Cristiam ran across the following definition of Mysticism on Wikipedia some time ago. The definition no longer exists there in this form. It is interesting to note how the word "mysticism" has evolved through time to have a somewhat pejorative meaning. It didn't start out that way. We find this early definition helpful and mind-expanding in the way it connects all the practices it describes (obviously, there are many others not included) by getting to the their very source - which turns out to be the same seen from different perspectives. We see how Unity In Motion fits in and have added our own sentence to describe it.
Unity in Motion and Mysticism
Mysticism (from the Greek mystikos, an initiate of a mystery religion)is the pursuit of communion with, identity with, or conscious awareness of an ultimate reality, divinity, spiritual truth, or God through direct experience, intuition instinct or insight. Mysticism usually centers on a practice or practices intended to nurture those experiences or awareness. Mysticism may be dualistic, maintaining a distinction between the self and the divine or may be non-dualistic. Differing religious traditions have described this fundamental mystical experience in different ways:
- Nullification and absorption within God’s Infinite Light (Hassidic school of Judaism)
- Complete non-identification with the world (Kaivalya in some schools of Hinduism, including Sankhya Sankhya and Yoga; Jhana in Buddhism) Liberation from the cycles of Karma (Moksha in Jainism and induism, Nirvana in Buddhism)
- Deep Intrinsic connection to ultimate reality (Satori in Mahayana Buddhism, Te in Taoism)
- Union with God (Henosis in Neoplatonism and Brahma-Prapti or Brahma-Nirvana in Hunduism (fano in Sufism)
- Theosis or Divinization, union with God and a participation of the divine nature (in Catholic Christianity and Eastern Orthodoxy)
- Innate Knowledge Hinduism (Irfan and Sufism in Islam)
- Experience of one’s true blissful nature (Samadhi Svarupa-Avirbhava in Hinduism and Buddhism)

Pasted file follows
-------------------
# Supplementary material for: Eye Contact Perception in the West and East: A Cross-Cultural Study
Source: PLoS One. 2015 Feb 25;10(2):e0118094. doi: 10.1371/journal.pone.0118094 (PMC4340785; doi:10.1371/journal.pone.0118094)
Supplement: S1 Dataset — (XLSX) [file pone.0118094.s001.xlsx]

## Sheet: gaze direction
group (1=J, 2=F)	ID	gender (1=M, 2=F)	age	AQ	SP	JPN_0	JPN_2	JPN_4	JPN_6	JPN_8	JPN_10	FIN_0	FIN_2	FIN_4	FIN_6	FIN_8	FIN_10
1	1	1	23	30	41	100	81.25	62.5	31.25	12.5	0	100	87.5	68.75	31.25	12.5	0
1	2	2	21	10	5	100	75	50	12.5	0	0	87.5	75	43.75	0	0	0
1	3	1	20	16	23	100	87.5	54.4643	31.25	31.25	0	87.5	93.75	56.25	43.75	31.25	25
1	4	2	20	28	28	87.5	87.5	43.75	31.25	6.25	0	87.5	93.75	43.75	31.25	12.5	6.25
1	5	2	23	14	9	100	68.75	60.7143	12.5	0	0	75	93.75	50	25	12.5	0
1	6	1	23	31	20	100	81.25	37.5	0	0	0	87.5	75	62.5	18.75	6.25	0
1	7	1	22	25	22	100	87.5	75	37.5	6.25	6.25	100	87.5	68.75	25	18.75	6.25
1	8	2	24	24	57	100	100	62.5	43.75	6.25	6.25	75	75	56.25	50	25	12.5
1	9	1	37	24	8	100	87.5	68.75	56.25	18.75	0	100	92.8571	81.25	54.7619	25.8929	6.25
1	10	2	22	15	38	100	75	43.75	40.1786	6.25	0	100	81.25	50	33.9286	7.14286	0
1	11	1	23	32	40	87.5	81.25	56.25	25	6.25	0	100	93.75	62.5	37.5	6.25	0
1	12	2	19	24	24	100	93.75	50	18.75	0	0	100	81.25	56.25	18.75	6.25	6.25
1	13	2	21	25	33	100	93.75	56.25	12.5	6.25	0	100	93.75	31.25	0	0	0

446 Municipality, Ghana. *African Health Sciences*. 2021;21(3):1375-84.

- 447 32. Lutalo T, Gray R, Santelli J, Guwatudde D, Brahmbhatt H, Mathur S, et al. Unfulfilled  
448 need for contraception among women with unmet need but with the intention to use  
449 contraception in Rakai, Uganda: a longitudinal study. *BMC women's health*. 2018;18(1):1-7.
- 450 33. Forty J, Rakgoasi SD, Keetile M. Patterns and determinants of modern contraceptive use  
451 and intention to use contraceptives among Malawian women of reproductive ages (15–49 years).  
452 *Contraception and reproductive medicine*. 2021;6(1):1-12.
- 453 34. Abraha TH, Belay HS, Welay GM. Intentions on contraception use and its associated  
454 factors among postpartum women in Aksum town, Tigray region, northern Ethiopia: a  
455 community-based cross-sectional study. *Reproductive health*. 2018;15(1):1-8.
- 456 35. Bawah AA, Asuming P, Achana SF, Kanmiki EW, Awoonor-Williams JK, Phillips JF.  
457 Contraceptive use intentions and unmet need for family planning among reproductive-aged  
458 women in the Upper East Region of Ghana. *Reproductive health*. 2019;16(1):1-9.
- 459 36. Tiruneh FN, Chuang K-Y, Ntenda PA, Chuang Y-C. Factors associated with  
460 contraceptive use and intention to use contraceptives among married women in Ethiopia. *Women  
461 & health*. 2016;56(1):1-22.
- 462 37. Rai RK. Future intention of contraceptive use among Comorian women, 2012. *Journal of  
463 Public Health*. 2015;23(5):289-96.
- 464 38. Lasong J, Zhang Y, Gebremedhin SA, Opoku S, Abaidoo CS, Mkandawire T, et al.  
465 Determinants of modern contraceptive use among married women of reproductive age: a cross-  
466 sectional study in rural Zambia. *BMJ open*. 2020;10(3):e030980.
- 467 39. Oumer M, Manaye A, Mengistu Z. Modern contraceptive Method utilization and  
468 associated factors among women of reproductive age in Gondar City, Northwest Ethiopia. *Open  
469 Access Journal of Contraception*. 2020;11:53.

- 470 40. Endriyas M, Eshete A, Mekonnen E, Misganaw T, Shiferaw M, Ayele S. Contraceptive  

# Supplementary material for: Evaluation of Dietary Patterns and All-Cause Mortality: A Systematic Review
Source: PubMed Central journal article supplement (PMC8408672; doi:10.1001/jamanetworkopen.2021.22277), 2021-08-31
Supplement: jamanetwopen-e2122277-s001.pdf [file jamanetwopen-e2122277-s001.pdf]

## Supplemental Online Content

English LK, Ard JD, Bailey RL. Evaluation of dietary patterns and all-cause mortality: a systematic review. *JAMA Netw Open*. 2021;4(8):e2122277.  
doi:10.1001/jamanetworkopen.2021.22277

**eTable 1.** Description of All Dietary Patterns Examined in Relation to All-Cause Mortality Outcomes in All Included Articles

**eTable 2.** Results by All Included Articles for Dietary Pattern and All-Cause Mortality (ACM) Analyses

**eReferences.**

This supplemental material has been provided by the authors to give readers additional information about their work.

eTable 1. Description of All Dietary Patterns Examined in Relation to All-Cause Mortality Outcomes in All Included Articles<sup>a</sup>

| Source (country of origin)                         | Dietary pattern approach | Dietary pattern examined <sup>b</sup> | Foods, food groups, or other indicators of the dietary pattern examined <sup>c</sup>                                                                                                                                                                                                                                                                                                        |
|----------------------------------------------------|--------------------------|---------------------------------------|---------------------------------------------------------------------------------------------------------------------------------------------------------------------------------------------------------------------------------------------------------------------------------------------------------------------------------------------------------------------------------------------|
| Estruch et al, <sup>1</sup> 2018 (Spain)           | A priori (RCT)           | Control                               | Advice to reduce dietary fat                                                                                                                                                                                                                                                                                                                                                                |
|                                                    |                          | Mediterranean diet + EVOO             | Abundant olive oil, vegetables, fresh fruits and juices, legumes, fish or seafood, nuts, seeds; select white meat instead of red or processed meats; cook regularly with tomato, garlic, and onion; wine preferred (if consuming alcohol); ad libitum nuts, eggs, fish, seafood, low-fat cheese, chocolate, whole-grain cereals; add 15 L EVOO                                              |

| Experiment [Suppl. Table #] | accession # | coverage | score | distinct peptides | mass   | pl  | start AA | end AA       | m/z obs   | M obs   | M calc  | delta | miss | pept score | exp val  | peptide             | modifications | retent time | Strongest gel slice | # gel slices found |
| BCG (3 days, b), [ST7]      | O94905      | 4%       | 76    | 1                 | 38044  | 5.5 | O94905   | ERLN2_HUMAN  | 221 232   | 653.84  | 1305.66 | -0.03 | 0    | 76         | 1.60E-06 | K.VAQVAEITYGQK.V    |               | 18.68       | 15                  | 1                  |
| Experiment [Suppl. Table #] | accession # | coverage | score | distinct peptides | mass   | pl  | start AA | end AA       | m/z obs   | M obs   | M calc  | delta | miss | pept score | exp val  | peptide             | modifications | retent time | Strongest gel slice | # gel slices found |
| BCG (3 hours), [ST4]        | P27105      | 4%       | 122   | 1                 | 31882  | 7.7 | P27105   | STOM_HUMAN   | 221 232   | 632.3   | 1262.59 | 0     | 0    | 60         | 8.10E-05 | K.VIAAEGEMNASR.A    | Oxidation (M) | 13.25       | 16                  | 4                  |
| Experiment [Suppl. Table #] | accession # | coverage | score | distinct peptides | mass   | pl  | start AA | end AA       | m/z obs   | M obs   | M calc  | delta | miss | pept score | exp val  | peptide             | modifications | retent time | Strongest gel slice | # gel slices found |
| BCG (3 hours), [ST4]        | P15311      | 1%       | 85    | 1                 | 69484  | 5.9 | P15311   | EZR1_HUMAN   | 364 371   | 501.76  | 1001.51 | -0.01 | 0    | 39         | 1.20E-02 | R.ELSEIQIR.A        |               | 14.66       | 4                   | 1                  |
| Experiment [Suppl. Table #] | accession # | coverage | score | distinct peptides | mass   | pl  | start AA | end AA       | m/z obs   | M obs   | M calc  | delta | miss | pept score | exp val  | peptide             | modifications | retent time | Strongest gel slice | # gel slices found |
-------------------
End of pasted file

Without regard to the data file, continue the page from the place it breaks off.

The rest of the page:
- Seeing the Light, or “that of God”, in everyone Hinduism (Quakerism)
- The Love of God, as in the Hinduism, Baha’I Faith, Christianity, Islam and many other spiritual traditions
Enlightenment or Illumination are generic English terms for the phenomenon, derived from the Latin illuminatio (applied to Christian prayer in the 15th century) and adopted in English translations of Buddhist texts, but used loosely to describe the state of mystical attainment regardless of faith.
Mystic traditions form sub-currents within larger religious traditions—such as Kabbalah with Judaism, Sufism with Islam, Vedanta and Kashmir Shaivism with Hinduism, Christian mysticism within Christianity—but are often treated skeptically and sometimes held separately, by more orthodox or mainstream groups within the given religion, due to the emphasis of the mystics on direct experience and living realization over doctrine. Mysticism is sometimes taken by skeptics or mainstream adherents as mere obfuscation, though mystics suggest they are offering clarity of a different order or kind. In fact, a basic premise of nearly every mystical path, regardless of religious affiliation, is that the experiences of divine consciousness, enlightenment and union with God that are made possible via mystical paths, are available to everyone who is willing to follow the practice of a given mystical system. Within a given mystical school, or path, it is much more likely for the mystical approach to be seen as a divine science, because of the direct, replicable elevation of consciousness the mystical approach can offer to anyone, regardless of previous spiritual or religious training.
In this light, the learning and practice of the movements of Unity in Motion prompt the embodiment of an essential experience of unity that is the Presence of The Divine.
Some mystic traditions can exclude the validity of other traditions. However, mystic traditions tend to be more accepting of other mystic traditions than the non-mystical versions of their traditions. This is based on the premise that the experienced divinity is able to bring other mystics to their own tradition if necessary. Some, but not all, mystics are even open to the idea that their tradition may not be the most practical version of mystic practice.